This keynote also brought some privacy-related concerns, caused by Eric Edward Andersen, Vice President for Smart TV, presenting Smart TV SDK 5.0. He started his part of talk talking about emotional connection, about emotions related to interacting with content on TV screen. Then he presented new TV with quad-core CPU, which is apparently needed because “it’s (TV) is learning from your behaviour”. Do I really want for my TV to learn my behaviours? All the existing technologies assume that my taste is constant, and as soon as technology learns my behaviour and what I like it can start showing me what it suspects I like. But what about discovering new things? What about growing in life? YouTube tries to propose me some things it considers I might find interesting. One of the problems with it is that it tends to stick with some things I watched in the past. There was channel I was watching for some time and then stopped – but YouTube still puts it into proposals, after few months. At the same note, Google integration of services is really scary. I opened page about anime using Chrome (not my usual browser) and now YouTube proposes my anime to watch. OK, I might even find it interesting, but why it proposes those anime in italian?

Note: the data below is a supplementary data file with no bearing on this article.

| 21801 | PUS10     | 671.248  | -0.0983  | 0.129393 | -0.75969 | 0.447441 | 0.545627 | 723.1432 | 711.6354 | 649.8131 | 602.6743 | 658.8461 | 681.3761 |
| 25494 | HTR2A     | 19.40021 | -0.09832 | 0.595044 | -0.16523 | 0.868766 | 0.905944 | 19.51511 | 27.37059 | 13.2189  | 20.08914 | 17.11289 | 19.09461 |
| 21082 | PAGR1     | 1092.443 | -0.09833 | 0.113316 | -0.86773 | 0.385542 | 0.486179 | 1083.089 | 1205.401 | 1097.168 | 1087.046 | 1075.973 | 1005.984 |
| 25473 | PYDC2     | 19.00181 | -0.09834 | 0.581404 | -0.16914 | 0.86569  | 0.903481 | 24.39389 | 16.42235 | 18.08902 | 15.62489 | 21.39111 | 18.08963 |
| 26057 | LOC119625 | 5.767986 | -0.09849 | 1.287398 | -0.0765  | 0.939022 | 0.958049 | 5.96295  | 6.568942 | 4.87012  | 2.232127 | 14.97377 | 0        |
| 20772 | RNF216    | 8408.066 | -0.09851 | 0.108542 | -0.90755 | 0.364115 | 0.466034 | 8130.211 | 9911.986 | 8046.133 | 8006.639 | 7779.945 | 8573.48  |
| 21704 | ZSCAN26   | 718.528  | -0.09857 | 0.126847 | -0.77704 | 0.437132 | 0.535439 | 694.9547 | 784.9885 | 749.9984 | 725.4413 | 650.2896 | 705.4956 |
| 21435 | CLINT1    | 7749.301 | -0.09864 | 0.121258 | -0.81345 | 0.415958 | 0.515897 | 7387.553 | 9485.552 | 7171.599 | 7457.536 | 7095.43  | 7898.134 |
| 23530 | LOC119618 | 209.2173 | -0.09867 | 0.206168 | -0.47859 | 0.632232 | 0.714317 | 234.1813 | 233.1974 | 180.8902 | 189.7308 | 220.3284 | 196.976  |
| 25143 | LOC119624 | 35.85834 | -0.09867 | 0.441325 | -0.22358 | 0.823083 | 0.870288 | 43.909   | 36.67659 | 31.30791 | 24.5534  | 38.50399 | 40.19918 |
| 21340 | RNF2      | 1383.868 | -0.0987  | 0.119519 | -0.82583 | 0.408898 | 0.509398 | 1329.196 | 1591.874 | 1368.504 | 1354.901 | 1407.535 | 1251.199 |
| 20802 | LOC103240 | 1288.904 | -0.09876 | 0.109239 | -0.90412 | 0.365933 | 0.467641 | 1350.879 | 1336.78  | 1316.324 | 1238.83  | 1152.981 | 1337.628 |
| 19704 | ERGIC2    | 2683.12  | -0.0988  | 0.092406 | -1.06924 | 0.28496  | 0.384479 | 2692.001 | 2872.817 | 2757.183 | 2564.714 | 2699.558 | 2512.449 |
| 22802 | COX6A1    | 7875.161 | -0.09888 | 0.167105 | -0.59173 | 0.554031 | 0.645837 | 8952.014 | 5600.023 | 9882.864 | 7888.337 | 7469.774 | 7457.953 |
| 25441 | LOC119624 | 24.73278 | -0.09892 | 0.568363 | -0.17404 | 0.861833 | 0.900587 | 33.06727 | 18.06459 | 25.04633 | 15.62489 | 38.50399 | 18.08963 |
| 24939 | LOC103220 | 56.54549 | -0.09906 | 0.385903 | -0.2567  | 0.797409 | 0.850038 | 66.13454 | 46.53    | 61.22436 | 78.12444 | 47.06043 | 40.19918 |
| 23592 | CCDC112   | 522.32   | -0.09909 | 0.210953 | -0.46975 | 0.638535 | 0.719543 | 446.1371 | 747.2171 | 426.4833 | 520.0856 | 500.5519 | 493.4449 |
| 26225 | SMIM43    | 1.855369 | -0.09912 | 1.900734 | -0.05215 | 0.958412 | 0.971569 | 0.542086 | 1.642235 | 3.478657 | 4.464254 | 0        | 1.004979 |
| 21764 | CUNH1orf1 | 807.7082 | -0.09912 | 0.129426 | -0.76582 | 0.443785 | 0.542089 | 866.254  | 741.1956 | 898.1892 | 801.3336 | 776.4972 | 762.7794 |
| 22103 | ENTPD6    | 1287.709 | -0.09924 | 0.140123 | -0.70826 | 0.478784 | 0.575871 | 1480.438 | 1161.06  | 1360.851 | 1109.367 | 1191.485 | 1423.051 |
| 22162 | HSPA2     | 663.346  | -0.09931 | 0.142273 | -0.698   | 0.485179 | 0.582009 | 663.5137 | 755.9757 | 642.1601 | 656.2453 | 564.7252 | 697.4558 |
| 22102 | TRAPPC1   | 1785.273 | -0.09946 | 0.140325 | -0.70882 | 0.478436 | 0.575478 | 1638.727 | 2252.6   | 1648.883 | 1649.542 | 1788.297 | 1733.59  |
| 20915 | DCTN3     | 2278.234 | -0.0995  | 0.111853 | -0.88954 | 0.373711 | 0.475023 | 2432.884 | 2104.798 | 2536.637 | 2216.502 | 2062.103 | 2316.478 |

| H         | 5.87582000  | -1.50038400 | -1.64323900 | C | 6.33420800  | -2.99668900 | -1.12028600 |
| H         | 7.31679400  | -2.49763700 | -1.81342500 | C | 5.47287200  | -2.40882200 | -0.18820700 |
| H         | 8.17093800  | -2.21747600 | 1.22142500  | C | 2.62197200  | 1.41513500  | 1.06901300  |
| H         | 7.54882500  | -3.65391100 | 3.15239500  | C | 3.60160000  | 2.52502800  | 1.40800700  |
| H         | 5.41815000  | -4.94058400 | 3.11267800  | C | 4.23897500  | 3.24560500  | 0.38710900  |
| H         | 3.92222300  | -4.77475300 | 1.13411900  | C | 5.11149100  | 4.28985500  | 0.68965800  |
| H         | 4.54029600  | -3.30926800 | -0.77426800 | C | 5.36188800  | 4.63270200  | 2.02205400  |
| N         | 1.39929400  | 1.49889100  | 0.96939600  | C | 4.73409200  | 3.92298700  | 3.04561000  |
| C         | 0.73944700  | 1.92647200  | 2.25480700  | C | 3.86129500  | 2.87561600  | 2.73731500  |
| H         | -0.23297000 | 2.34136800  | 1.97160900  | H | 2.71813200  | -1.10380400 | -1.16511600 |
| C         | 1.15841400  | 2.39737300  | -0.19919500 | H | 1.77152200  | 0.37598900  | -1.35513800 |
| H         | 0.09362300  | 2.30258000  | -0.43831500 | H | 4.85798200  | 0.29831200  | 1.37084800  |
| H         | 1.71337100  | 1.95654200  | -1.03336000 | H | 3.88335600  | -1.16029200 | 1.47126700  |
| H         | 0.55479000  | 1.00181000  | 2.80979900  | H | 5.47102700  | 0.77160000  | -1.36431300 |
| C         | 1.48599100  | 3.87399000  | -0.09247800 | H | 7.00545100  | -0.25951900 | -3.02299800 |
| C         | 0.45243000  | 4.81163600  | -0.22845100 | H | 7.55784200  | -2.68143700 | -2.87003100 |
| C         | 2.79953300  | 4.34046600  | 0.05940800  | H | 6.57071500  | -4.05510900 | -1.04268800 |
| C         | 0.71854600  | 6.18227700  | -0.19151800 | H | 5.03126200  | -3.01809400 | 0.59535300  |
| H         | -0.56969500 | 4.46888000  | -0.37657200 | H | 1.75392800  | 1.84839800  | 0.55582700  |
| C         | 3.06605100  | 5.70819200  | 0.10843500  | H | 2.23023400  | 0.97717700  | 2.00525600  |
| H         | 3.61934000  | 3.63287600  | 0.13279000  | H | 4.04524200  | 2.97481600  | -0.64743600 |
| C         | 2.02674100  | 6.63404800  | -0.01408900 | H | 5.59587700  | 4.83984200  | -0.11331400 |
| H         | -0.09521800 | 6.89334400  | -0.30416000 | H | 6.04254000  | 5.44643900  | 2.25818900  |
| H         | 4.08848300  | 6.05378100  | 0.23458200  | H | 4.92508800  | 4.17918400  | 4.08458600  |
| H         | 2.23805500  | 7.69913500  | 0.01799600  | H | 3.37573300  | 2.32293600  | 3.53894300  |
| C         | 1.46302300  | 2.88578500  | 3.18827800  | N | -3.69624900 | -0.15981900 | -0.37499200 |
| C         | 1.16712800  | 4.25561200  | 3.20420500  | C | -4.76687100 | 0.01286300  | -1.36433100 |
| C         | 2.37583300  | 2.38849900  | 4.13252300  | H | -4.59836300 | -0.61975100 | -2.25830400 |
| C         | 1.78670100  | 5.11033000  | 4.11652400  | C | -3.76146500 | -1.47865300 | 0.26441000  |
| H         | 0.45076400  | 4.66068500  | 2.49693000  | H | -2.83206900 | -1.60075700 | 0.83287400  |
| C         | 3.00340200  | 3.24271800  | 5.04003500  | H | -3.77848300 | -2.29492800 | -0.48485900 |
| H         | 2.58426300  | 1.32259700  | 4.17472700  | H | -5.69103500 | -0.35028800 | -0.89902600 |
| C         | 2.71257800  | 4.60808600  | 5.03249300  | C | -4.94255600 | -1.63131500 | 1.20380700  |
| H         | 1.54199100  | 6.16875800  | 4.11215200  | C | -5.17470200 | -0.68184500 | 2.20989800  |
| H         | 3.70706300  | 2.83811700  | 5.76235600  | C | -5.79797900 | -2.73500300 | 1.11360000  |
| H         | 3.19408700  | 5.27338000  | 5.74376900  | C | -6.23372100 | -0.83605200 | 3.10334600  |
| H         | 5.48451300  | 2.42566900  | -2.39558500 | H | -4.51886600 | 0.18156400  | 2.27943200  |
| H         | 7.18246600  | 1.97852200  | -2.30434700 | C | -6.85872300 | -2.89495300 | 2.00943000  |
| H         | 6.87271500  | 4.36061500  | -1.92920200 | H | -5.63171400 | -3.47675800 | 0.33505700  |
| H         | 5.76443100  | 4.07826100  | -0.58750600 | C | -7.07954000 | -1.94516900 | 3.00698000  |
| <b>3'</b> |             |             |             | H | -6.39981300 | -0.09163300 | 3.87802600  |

Possible privacy violation was mentioned later, at 39:06. Andersen has shown some numbers for how long people are interacting with different applications on their smart TVs, for example how long Hulu or Netflix sessions are. I think the main idea was to show programmers that people are spending much time in front of TV, interacting with different applications and consuming content, so it would be wise to write software for smart TVs. But I had different feeling. Samsung having this data means that TV sends back information about usage to the mothership; Andersen mentioning how many people are “activating” their TVs seems to confirm this. LG was accused that their TVs are spying on users and sending data to the company; it looks like Samsung does something similar.

After seeing this, I am left wondering what is the advantage of smart TV? Why would one want to buy such TV to have it spying all the time? Orwell described quite well modern “Smart TV” in novel 1984 – he called them telescreens. Only inner-party members were able to turn off telescreens, and even they could not be sure whether device is still spying on them.

Another part of the presentation was given by Injong Rhee, Senior Vice President for Enterprise Mobile Communication Business. He was talking about Samsung KNOX, solution to help with managing devices for companies needs. This part of the presentation starts at 1:15:37. Rhee describes history of making KNOX:

What I have done.. I took my team to the drawing board to start reengineering and redesigning security architecture of Android. That’s how Samsung KNOX is born.


We actually put security mechanisms in each of those layers


We have implemented property called Mandatory Access Control or MAC (..) Security Enhancements for Android

and then describes difference between MAC and traditional triplets owner/group/other and read/write/execute.